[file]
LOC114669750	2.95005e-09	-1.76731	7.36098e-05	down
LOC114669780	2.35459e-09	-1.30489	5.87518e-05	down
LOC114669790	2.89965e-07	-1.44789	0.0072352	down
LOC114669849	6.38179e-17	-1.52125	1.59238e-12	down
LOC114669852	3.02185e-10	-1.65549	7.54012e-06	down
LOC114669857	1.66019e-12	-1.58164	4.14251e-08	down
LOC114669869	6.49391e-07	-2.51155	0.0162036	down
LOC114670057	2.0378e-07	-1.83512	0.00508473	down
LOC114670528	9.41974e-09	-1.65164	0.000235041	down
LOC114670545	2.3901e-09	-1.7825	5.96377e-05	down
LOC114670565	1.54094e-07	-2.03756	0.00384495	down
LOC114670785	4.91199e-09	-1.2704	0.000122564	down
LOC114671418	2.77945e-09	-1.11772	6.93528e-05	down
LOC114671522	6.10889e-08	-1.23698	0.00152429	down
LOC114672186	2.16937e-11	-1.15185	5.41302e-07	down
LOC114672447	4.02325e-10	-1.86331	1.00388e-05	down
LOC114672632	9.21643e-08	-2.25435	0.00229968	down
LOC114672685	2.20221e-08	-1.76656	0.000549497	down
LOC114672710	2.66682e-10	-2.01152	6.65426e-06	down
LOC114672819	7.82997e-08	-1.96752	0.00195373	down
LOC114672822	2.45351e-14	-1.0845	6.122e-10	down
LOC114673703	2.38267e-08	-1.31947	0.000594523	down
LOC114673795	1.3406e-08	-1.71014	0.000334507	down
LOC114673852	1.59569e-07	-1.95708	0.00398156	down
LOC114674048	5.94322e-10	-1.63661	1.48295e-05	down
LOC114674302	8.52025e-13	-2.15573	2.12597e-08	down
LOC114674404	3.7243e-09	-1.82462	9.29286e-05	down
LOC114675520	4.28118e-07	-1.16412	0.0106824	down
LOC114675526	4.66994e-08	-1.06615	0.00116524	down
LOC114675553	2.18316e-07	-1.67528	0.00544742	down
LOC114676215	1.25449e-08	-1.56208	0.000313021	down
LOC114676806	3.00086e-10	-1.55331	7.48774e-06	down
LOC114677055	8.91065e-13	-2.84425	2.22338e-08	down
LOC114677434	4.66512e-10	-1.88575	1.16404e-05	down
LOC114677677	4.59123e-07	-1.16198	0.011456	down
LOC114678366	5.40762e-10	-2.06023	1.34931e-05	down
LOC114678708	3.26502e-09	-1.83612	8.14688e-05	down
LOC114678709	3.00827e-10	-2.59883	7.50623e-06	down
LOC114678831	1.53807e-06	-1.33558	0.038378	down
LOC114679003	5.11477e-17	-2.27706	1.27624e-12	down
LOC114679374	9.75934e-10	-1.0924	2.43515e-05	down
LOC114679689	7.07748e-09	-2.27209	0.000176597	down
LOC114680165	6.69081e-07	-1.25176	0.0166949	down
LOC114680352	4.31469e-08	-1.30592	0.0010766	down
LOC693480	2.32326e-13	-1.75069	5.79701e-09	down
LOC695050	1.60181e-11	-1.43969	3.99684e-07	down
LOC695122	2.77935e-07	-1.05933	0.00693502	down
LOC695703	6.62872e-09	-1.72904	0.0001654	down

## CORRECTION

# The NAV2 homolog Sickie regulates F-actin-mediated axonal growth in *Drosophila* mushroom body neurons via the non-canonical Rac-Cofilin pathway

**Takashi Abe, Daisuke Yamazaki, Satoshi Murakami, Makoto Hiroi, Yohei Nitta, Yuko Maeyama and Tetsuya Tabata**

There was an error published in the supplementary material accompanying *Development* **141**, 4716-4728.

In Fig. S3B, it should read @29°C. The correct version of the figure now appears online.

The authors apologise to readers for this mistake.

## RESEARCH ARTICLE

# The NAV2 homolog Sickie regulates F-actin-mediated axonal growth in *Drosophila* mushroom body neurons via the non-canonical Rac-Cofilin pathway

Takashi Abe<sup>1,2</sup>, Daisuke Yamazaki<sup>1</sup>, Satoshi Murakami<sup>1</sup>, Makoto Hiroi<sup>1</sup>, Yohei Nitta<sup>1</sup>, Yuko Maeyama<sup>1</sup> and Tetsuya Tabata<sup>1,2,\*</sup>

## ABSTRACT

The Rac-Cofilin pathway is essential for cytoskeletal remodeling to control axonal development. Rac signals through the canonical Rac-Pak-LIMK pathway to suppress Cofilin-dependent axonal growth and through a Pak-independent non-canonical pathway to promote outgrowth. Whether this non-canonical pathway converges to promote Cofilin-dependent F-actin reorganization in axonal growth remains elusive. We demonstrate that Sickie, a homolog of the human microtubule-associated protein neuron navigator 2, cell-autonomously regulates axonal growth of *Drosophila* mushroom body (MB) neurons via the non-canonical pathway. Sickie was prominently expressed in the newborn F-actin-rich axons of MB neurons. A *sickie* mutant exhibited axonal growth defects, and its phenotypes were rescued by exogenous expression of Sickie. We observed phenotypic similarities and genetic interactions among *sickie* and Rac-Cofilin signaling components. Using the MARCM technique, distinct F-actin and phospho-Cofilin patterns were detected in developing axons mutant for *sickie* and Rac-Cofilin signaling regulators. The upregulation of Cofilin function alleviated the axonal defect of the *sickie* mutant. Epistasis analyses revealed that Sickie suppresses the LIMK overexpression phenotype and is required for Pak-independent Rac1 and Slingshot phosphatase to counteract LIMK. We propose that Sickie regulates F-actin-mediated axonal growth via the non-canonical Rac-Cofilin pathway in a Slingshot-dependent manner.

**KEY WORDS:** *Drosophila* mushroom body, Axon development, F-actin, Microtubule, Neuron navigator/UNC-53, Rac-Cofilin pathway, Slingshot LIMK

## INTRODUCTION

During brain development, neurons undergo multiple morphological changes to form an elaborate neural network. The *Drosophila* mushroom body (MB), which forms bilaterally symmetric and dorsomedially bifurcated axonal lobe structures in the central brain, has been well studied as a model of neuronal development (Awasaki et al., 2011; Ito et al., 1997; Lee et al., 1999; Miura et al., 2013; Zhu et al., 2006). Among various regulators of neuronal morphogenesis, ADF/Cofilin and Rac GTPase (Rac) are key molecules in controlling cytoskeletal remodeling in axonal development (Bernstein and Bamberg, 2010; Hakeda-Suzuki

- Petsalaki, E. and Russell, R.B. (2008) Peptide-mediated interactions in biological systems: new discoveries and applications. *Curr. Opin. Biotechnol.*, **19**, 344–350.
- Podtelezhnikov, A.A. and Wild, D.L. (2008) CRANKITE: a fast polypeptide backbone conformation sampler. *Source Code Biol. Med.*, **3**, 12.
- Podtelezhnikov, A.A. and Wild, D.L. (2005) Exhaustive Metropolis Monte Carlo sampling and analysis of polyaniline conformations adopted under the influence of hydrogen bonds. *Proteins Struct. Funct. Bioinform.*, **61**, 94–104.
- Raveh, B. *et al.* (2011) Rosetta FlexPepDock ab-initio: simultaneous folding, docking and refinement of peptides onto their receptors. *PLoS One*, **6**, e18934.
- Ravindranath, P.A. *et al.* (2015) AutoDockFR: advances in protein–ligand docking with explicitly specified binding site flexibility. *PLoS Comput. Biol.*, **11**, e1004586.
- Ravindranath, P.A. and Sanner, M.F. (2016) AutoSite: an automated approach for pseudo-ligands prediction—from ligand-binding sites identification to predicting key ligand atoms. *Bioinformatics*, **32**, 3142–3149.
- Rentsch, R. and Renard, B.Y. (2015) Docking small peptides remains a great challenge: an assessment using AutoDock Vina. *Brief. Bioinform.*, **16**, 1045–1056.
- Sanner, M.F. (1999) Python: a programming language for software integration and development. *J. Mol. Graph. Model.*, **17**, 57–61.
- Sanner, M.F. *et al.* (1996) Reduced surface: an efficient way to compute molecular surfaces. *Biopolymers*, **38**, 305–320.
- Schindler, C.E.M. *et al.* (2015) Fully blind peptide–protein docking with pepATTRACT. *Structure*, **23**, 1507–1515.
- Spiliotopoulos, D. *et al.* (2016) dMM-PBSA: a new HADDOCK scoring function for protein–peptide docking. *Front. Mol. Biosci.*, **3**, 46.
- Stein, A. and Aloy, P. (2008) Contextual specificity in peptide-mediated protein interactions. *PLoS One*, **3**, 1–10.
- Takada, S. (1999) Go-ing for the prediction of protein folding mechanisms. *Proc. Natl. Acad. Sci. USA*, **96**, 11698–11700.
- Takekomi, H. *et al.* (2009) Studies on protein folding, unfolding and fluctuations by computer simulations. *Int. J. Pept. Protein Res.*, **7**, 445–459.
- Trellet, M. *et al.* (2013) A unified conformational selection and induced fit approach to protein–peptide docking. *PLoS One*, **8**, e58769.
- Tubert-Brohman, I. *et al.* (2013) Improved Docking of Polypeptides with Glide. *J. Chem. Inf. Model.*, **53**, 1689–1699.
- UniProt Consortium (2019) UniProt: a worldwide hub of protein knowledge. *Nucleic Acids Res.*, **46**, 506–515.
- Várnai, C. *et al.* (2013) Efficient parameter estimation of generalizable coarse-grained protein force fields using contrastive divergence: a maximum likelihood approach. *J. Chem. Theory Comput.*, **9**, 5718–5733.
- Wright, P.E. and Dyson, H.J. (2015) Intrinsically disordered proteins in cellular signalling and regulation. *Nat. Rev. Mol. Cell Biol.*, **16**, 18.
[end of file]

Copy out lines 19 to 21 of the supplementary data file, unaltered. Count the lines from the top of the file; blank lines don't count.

LOC114672710	2.66682e-10	-2.01152	6.65426e-06	down
LOC114672819	7.82997e-08	-1.96752	0.00195373	down
LOC114672822	2.45351e-14	-1.0845	6.122e-10	down